Iraq: February 17, 2004


The weekend attacks on Iraqi police and security force bases in Sunni Arab areas resulted in four of the attackers being killed, and two wounded and captured. Initial reports indicated that many of the attackers were not Iraqis. Further investigation revealed that all the attackers were Iraqis, although some had forged documents. The attackers were one of a dozen or more gangs that have formed around former intelligence and police officers in Saddam's government. Each group has a hundred or so core members, and each group plans and carries out attacks independent of the other groups. Each group gets money from various sources inside and outside Iraq, and hires Iraqis to help, or at least not get in the way (by bribing police, or anyone who might squeal and you can't afford to kill.) These groups are responsible for the attacks on coalition and Iraqi troops, and Iraqi civilians working for the new government or coalition forces. This Sunni Arab resistance is basically the thugs who were living large when Saddam was in power, are now facing prosecution and worse and are willing to fight against the future retribution they see coming. 

One of the weekend attacks in Falluja, for example, was to free gunmen who had fired on a bus load of Iraqi security guards. This kind of attack is meant to intimidate the police and make it easier to recruit. But it's all a lost cause. Most Iraqi police and security troops now want vengeance, not a place to hide. It's telling that the weekend attacks were carefully planned to take place when no American troops were nearby. As Saddam recently put it, "would you fight them." But the police do have American troops on call, and that does wonders for police morale.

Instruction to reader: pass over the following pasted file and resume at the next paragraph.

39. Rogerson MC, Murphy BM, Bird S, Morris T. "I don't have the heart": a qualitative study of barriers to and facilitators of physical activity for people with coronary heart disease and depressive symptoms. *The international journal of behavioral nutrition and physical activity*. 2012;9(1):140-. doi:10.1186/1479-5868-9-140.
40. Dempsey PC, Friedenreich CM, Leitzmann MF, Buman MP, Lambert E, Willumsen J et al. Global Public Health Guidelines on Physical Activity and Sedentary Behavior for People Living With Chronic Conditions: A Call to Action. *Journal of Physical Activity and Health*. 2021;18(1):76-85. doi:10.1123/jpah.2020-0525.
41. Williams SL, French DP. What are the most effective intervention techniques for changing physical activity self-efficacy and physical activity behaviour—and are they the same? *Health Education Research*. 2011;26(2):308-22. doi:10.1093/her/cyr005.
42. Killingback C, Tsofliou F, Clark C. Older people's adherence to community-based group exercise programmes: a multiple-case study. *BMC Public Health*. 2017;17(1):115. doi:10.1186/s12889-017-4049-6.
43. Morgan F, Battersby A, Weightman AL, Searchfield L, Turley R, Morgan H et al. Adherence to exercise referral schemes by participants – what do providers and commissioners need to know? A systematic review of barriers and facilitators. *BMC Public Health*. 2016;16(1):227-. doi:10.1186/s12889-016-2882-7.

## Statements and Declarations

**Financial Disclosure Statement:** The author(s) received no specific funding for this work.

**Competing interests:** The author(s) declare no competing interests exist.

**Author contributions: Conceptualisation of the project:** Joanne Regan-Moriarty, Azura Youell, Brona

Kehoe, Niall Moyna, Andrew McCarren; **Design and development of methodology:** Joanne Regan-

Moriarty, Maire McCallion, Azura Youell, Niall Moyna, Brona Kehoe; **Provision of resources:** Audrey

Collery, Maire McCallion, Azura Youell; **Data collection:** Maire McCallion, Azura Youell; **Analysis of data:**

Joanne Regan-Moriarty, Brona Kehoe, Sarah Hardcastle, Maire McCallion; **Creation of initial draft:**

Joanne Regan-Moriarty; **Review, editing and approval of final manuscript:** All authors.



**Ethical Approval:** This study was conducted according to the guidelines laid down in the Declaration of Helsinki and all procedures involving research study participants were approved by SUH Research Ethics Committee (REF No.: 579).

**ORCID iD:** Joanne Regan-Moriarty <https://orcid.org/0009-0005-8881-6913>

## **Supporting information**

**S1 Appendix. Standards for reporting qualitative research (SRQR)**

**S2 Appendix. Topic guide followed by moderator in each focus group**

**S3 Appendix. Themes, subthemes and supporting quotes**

The pro-Saddam crowd are a minority among the Sunni Arabs. The 60 percent of Iraqis who are Shia, and the 20 percent who are Kurds, view the Sunni Arab resistance as a bunch of thieving butchers who want a return to the good old days of tormenting Shia and Kurds. Sunni Arab leaders, at great personal risk of assassination, have come out and publicly condemned the "resistance." But these Sunni Arab fighters have no where else to go. Syria, the only likely sanctuary, has not been hospitable to pro-Saddam refugees unless they bring a lot of money with them. That said, Saddam and his cronies stashed billions of dollars around the world, and some of that is flowing back into Iraq to support resistance to the new government. To what end? Well, some Arab nationalists believe that "the crusaders can be defeated" in Iraq. There are also some Sunni Arabs who believe that the centuries of Sunni Arab rule in Iraq can be won back. There are also the Islamic militants and al Qaeda types who see Iraq as a good place to find and kill infidels (non-Moslems). 

The Sunni Arab resistance, while they make for good media headlines, have a poor understanding of history. For example, since World War II, must insurgencies have failed. Moreover, insurgencies have always failed when the insurgents did not represent (ethnically or religiously) the majority of the population they were fighting amongst. Worse yet, if the Sunni Arab resistance triggers a civil war and causes Iraqi to break up, it should be noted that all the oil is in Kurdish or Shia Arab areas. The Sunni Arabs would be left with mostly desert.

One reason Arab states have not had much luck with democracy is because of the tendency of dissidents to get violent and start killing people when their views are not satisfied or addressed. Many Arabs understand this, and accept that only a dictator, or strong monarch, can handle this violent tendency. Iraq, if nothing else, will be an experiment in how well a democratically elected Arab government can perform in dealing with violent dissent.


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